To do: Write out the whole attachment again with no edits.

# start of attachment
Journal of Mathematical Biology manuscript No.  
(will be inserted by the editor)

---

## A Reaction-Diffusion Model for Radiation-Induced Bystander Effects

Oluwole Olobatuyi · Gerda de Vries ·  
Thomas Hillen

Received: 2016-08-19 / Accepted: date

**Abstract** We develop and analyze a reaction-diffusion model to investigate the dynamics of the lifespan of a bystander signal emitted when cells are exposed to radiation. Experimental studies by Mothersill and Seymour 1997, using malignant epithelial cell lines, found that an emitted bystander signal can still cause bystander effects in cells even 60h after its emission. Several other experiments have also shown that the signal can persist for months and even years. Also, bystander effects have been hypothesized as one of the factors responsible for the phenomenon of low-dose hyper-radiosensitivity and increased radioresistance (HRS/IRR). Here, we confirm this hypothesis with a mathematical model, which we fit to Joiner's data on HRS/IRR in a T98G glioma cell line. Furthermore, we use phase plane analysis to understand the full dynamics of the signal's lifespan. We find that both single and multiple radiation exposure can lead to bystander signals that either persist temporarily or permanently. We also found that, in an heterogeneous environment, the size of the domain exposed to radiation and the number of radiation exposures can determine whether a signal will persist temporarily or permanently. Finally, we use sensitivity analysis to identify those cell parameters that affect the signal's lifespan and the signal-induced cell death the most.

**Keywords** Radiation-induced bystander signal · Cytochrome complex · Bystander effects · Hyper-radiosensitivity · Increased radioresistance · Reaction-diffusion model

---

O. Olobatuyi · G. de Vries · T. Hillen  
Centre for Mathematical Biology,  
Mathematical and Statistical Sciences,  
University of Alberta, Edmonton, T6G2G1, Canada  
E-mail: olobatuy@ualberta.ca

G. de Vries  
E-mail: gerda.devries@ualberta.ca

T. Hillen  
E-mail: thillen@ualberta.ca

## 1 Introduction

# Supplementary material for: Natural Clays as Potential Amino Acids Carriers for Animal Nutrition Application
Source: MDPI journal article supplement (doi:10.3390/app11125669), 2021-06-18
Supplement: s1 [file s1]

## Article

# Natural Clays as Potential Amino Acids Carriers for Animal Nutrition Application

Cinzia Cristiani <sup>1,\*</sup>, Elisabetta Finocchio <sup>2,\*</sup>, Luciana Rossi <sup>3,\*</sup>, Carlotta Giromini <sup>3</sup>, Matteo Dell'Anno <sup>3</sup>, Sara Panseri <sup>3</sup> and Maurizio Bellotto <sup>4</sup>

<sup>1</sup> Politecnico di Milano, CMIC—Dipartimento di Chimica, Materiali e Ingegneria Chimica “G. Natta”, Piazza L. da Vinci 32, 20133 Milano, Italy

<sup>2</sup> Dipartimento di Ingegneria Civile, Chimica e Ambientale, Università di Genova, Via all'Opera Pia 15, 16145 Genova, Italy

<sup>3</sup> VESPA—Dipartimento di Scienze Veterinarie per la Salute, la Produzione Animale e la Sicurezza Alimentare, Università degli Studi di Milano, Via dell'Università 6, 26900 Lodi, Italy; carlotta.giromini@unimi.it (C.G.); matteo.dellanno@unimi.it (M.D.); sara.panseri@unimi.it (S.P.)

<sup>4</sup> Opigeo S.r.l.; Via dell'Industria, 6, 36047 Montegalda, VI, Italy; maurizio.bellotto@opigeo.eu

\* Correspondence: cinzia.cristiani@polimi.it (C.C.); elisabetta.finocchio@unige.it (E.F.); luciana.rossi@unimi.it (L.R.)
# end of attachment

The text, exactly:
Journal of Mathematical Biology manuscript No.  
(will be inserted by the editor)

---

## A Reaction-Diffusion Model for Radiation-Induced Bystander Effects

Oluwole Olobatuyi · Gerda de Vries ·  
Thomas Hillen

Received: 2016-08-19 / Accepted: date

**Abstract** We develop and analyze a reaction-diffusion model to investigate the dynamics of the lifespan of a bystander signal emitted when cells are exposed to radiation. Experimental studies by Mothersill and Seymour 1997, using malignant epithelial cell lines, found that an emitted bystander signal can still cause bystander effects in cells even 60h after its emission. Several other experiments have also shown that the signal can persist for months and even years. Also, bystander effects have been hypothesized as one of the factors responsible for the phenomenon of low-dose hyper-radiosensitivity and increased radioresistance (HRS/IRR). Here, we confirm this hypothesis with a mathematical model, which we fit to Joiner's data on HRS/IRR in a T98G glioma cell line. Furthermore, we use phase plane analysis to understand the full dynamics of the signal's lifespan. We find that both single and multiple radiation exposure can lead to bystander signals that either persist temporarily or permanently. We also found that, in an heterogeneous environment, the size of the domain exposed to radiation and the number of radiation exposures can determine whether a signal will persist temporarily or permanently. Finally, we use sensitivity analysis to identify those cell parameters that affect the signal's lifespan and the signal-induced cell death the most.

**Keywords** Radiation-induced bystander signal · Cytochrome complex · Bystander effects · Hyper-radiosensitivity · Increased radioresistance · Reaction-diffusion model

---

O. Olobatuyi · G. de Vries · T. Hillen  
Centre for Mathematical Biology,  
Mathematical and Statistical Sciences,  
University of Alberta, Edmonton, T6G2G1, Canada  
E-mail: olobatuy@ualberta.ca

G. de Vries  
E-mail: gerda.devries@ualberta.ca

T. Hillen  
E-mail: thillen@ualberta.ca

## 1 Introduction

# Supplementary material for: Natural Clays as Potential Amino Acids Carriers for Animal Nutrition Application
Source: MDPI journal article supplement (doi:10.3390/app11125669), 2021-06-18
Supplement: s1 [file s1]

## Article

# Natural Clays as Potential Amino Acids Carriers for Animal Nutrition Application

Cinzia Cristiani <sup>1,\*</sup>, Elisabetta Finocchio <sup>2,\*</sup>, Luciana Rossi <sup>3,\*</sup>, Carlotta Giromini <sup>3</sup>, Matteo Dell'Anno <sup>3</sup>, Sara Panseri <sup>3</sup> and Maurizio Bellotto <sup>4</sup>

<sup>1</sup> Politecnico di Milano, CMIC—Dipartimento di Chimica, Materiali e Ingegneria Chimica “G. Natta”, Piazza L. da Vinci 32, 20133 Milano, Italy

<sup>2</sup> Dipartimento di Ingegneria Civile, Chimica e Ambientale, Università di Genova, Via all'Opera Pia 15, 16145 Genova, Italy

<sup>3</sup> VESPA—Dipartimento di Scienze Veterinarie per la Salute, la Produzione Animale e la Sicurezza Alimentare, Università degli Studi di Milano, Via dell'Università 6, 26900 Lodi, Italy; carlotta.giromini@unimi.it (C.G.); matteo.dellanno@unimi.it (M.D.); sara.panseri@unimi.it (S.P.)

<sup>4</sup> Opigeo S.r.l.; Via dell'Industria, 6, 36047 Montegalda, VI, Italy; maurizio.bellotto@opigeo.eu

\* Correspondence: cinzia.cristiani@polimi.it (C.C.); elisabetta.finocchio@unige.it (E.F.); luciana.rossi@unimi.it (L.R.)